I have a nominal 10A DC-DC booster PCB with both Voltage/Ampere adjustment. It is intended for charging a 5C LiPo and is adjusted to output 17.5V and 5A for charging.

It works very well when powered with a 12V/20A switch-mode supply. But when powered with a 12V Lead-Acid battery, the DC-DC booster breaks down (short circuit on the booster input after a short while).

I simply don't understand this behaviour and I have now destroyed two boosters on this stunt. There must be something different with the switch-mode versus the battery - although both are a 12V source for the DC-DC booster.

What is going on? Can anyone explain this?

The picture shows the 3 parts (switch-mode supply, DC-DC booster and battery)

switch-mode supply, DC-DC booster and battery


The damage is done after a few seconds (5-10) presumably after the LiPo is disconnected on the output (while testing). Maybe the battery should be disconnected first, although this is not needed with the switch-mode supply. However something points to this may be the cause, as there seems to be no problem while the charging is ongoing from the battery (although this is only tried for the mentioned 5-10 seconds).

It's true that there is a swift rise in the PCB temperature, which is not seen with the switch-mode supply. The manufacturer only suggests adding cooling above 6A (its 96% efficient). So it's not a real cooling problem.

As described, the booster input becomes shorted, which may be from an excessive current that shorts the PCB to the underlying aluminium plate. I lean towards thinking there is a resonance phenomenon, but I have never heard about/seen that. The battery manufacturer states an internal resistance of 37mOhm at 1kHz.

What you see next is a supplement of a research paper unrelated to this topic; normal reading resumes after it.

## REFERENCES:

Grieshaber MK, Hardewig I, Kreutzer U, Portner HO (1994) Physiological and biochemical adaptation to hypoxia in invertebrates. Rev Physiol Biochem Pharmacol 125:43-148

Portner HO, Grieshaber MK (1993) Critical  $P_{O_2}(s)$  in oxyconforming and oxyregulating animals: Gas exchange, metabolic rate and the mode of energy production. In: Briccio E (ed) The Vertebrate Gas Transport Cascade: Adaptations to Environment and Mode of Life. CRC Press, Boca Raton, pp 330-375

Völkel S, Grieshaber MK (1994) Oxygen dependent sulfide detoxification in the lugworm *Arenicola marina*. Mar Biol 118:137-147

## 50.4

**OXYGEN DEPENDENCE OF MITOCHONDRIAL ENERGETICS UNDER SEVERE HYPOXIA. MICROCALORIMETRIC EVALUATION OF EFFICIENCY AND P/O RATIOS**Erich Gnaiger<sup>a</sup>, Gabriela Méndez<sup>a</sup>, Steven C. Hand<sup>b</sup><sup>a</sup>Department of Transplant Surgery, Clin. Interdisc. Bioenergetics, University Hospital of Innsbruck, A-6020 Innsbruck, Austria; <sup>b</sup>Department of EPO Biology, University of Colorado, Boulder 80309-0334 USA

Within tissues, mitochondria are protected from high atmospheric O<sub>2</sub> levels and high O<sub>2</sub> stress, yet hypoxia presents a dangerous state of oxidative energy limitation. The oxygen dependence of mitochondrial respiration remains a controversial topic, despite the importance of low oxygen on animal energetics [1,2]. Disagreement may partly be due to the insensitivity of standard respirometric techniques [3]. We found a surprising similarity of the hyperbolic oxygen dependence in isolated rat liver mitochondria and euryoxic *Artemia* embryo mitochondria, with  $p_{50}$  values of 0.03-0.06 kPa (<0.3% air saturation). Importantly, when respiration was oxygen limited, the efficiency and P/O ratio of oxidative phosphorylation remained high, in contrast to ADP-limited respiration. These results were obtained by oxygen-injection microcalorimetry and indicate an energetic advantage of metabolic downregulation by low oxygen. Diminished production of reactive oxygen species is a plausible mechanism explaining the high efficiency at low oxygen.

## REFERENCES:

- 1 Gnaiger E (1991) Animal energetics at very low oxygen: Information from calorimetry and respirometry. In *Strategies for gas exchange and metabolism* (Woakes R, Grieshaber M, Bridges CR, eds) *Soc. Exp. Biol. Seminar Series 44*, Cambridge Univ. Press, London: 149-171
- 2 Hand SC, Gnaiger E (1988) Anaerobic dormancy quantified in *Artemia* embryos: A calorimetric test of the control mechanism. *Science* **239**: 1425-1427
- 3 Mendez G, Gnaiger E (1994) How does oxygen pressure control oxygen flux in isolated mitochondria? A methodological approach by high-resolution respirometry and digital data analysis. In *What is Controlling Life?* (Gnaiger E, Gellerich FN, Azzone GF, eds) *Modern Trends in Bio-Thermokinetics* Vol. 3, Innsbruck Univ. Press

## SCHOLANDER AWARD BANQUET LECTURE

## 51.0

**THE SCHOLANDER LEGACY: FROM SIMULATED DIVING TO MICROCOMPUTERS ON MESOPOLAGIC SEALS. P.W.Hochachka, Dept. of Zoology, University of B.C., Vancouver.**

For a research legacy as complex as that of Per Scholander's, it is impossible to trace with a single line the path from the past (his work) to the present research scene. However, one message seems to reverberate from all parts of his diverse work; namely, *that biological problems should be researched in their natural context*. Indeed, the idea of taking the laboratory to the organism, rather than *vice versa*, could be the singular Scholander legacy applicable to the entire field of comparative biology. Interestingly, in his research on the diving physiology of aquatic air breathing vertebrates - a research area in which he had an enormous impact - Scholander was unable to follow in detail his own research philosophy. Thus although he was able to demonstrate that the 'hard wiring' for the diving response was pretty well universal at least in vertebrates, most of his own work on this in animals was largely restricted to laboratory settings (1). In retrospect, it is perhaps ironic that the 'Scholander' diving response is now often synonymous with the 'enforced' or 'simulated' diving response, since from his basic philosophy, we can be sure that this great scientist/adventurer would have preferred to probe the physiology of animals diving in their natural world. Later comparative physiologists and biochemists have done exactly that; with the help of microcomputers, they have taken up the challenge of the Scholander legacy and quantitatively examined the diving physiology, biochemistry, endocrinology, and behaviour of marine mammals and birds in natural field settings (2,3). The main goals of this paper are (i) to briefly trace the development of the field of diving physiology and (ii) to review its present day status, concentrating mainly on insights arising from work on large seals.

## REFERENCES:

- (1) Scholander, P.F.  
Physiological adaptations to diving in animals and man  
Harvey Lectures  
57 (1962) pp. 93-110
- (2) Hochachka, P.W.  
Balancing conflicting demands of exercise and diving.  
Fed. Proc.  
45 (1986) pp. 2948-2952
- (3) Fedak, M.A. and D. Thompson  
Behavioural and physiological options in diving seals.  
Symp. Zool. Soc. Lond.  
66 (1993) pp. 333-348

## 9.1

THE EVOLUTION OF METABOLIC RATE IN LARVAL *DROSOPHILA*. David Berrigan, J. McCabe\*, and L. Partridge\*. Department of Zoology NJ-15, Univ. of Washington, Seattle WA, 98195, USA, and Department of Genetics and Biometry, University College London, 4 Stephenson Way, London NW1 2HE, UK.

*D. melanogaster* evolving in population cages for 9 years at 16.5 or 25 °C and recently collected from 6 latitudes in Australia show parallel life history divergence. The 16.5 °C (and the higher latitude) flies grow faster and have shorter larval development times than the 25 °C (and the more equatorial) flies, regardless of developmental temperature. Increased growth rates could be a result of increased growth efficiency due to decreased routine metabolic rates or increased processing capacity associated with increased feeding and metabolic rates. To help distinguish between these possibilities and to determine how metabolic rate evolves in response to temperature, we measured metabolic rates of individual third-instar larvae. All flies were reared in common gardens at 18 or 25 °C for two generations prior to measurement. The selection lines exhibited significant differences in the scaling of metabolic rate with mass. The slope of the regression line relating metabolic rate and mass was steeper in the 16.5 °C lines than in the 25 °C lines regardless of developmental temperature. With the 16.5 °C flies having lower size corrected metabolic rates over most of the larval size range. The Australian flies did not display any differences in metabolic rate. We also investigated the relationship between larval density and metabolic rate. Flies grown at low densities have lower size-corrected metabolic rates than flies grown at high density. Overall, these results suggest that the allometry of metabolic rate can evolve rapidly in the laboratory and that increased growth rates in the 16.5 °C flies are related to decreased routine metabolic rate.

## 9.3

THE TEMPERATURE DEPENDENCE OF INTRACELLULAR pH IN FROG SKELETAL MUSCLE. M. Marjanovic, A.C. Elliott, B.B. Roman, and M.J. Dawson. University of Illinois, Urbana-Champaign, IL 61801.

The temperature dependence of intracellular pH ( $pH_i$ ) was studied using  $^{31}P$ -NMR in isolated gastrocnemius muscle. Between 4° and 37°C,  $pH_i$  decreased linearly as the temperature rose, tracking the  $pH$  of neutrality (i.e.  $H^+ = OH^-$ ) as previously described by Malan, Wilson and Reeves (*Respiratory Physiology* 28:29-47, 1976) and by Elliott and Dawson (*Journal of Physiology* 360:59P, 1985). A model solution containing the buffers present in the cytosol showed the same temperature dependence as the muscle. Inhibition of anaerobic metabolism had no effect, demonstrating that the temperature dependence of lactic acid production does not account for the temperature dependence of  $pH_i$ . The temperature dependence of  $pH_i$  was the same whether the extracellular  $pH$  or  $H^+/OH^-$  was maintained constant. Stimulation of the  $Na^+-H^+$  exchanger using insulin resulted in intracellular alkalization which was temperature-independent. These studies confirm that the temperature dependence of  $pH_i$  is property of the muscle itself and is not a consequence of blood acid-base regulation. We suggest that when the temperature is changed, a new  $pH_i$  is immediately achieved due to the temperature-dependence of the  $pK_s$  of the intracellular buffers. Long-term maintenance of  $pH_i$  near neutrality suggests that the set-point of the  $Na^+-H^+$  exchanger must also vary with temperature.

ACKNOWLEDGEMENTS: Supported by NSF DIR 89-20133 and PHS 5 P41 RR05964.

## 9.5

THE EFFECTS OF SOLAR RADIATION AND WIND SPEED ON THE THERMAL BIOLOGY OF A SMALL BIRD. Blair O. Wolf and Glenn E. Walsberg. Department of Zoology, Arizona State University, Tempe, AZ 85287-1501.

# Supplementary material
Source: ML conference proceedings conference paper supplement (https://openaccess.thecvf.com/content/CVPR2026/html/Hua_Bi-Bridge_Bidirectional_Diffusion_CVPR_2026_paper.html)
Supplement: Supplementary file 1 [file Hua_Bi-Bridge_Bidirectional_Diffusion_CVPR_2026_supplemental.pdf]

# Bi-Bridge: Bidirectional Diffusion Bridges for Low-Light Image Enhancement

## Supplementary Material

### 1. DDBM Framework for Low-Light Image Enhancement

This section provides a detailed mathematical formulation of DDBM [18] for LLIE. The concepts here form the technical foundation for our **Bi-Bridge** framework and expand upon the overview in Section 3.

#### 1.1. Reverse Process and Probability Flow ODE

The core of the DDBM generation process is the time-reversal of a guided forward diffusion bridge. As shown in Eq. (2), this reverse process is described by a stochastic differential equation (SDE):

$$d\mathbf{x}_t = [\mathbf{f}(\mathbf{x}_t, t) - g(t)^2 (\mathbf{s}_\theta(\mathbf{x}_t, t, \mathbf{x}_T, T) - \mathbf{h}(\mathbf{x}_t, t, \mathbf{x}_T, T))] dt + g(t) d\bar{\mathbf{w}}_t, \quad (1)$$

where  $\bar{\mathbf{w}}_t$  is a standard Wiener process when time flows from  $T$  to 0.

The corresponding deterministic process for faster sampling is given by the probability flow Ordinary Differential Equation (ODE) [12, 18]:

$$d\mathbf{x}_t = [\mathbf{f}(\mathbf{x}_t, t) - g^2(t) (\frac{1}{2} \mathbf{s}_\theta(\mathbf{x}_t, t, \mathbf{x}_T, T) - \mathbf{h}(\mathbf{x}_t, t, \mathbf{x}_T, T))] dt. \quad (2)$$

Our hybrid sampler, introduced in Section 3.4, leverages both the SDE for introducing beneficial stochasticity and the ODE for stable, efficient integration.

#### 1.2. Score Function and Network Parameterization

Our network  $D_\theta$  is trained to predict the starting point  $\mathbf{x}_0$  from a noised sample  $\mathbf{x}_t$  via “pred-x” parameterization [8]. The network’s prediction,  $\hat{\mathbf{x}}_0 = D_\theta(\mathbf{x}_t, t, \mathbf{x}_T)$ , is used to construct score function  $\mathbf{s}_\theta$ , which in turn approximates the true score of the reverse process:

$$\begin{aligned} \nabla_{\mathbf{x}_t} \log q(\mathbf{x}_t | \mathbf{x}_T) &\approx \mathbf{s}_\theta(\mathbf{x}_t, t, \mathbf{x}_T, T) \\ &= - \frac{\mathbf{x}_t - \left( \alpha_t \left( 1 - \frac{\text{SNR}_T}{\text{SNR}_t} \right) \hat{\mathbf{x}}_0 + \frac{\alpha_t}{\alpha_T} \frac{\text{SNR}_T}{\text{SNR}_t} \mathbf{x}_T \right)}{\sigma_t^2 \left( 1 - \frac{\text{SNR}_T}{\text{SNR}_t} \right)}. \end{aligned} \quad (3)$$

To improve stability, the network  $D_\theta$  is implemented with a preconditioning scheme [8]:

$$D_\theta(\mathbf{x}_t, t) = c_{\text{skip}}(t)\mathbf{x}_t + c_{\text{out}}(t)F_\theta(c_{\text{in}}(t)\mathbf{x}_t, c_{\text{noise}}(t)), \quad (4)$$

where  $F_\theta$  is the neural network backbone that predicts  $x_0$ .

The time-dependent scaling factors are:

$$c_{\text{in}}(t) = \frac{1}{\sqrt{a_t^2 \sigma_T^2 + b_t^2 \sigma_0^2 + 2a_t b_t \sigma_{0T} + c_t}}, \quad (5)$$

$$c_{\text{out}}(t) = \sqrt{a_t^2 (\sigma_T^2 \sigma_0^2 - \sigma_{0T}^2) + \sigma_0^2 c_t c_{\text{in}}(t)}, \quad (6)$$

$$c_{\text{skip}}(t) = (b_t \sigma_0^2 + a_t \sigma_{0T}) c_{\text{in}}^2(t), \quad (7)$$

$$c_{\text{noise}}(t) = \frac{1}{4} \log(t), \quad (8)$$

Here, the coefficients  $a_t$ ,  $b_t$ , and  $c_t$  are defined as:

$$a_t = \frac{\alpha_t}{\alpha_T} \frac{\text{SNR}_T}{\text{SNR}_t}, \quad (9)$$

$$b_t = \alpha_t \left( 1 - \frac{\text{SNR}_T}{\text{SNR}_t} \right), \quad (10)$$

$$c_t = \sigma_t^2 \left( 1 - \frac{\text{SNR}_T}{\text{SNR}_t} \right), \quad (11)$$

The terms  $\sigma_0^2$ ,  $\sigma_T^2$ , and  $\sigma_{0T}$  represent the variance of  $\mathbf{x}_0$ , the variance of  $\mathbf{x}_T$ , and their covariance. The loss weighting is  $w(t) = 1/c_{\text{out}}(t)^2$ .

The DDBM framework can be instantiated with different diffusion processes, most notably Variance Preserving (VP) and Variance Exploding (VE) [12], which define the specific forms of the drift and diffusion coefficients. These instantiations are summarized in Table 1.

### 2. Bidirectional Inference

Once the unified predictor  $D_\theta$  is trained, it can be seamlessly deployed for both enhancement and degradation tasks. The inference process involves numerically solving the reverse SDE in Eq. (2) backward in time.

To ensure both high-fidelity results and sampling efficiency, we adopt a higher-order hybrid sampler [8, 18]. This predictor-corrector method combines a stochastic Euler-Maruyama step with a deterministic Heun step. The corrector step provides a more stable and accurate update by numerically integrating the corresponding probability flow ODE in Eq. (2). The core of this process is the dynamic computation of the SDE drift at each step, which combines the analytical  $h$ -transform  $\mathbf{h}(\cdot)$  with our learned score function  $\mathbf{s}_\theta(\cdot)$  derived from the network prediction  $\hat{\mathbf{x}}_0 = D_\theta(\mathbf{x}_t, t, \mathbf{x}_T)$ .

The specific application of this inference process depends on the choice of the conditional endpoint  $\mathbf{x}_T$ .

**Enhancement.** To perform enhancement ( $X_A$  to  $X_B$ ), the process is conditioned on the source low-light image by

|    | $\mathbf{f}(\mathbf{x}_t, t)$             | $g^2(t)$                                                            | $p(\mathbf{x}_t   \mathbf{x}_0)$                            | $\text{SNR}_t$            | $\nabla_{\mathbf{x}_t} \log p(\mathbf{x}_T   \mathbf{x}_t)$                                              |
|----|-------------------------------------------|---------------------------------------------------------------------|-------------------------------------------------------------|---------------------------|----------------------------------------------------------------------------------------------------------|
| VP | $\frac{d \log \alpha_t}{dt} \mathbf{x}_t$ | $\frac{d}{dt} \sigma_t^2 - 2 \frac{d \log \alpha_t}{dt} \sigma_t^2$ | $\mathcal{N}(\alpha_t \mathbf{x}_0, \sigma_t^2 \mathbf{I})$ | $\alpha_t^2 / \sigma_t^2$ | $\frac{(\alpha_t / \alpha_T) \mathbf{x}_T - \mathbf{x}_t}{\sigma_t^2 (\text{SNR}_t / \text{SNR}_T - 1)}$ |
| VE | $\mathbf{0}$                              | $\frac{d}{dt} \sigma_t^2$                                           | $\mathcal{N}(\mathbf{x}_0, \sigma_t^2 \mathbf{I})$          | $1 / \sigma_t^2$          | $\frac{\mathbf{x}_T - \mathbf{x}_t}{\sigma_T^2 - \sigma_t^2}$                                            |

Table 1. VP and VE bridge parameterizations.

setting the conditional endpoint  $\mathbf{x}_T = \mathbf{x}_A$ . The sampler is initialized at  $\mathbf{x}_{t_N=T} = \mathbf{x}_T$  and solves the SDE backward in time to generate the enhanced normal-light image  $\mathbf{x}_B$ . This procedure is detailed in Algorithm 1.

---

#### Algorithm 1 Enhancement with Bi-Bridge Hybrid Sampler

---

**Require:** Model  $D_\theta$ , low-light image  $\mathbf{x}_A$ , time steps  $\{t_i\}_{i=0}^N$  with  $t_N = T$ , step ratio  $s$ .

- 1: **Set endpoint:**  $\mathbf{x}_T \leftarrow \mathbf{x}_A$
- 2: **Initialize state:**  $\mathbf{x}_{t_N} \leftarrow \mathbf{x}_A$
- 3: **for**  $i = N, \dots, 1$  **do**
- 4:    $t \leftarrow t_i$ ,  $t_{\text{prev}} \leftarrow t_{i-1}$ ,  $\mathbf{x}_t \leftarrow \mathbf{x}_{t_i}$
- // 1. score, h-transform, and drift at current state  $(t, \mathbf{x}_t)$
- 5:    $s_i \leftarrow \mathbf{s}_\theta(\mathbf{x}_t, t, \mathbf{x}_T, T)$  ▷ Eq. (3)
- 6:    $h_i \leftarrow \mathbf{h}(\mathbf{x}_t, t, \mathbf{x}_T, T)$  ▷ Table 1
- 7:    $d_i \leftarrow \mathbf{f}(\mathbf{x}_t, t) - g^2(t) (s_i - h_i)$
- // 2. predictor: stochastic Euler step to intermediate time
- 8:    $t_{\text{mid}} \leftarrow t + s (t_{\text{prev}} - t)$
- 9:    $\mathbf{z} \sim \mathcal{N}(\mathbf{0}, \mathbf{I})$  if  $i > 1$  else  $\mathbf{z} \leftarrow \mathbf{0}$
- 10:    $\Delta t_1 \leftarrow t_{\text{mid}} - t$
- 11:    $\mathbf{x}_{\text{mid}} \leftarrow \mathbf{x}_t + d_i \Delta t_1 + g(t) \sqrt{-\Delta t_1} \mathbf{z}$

I'm not too happy to try anything before things are more clear.


With a fuse on the input of the DC-DC, I have discovered that it blows when the output from the DC-DC is disconnected from the LiPo-battery to be charged. This only happens when using a Lead-acid battery as power source (aka not with the sw-mode).

The difference is, that the Lead-acid battery can burst up to 40A and by all means the DC-DC apparantly destroys itself by eating all this.

Key to solve this problem is: Why does the DC-DC sukcs all that Amp. when its output is disconnected.

The trivia is gaussian: when the current from a coil is removed, the coil tries to keep the current by raising the voltage and a runaway situations is happening in the control circuit (IC). The sw-mode apprantly prevent this by simply its overvoltage protection etc. which a LA battery doesnt.

The non triva is: Why did they design this DC-DC to self-destruct, well knowing that someone possibly would use a powerfull battery (and not a sw-mode) as the power source.

The not-so-happy-solution is to use a finger-resattable fuse on the input, but a better is recommended.

  • \$\begingroup\$ What is the maximum input voltage rating on your booster? A lead-acid battery will put out more than 12V when fully charged. Could it be that extra volt or two is enough to destroy y our booster board? \$\endgroup\$
    – AlmostDone
    Commented Jun 15, 2018 at 1:17
  • \$\begingroup\$ nope - the input range is 8.5-48V with an output range of 10-50V, whis says that there is a 1.5V voltage-drop. It works so well so that the output stays at the adjustment even at a varying input range (ofc with respect for the voltage drop limit).. Neverthelees, the battery can according to specs, burst deliver 44A for 5 secs, aka kick ass for a short while... but the booster should limit that, the switchmode are rated 20A and this works well, so... \$\endgroup\$
    – Gearlos
    Commented Jun 15, 2018 at 1:21
  • \$\begingroup\$ I am using what appears to be the exact same DC-DC converters for my portable lighting rigs. Power source for my units are Dewalt 20V 6AH or 9AH battery packs. Loads are Honeywell LED Barn Lights: at (IIRC) 47 Volts 1.3 Amps. No problems after many hours (days, weeks) of use. \$\endgroup\$ Commented Jun 15, 2018 at 3:25
  • \$\begingroup\$ Yes Dwayne.R - But my setup is not for powering LEDs that are pure power ballasts, but a LiPo battery which may be a more complex setup. Anyway, good to know others experience... \$\endgroup\$
    – Gearlos
    Commented Jun 15, 2018 at 5:49
  • 1
    \$\begingroup\$ Inrush current destroying the diode causing the MOSFET to fail? \$\endgroup\$
    – winny
    Commented Jun 15, 2018 at 11:36

1 Answer 1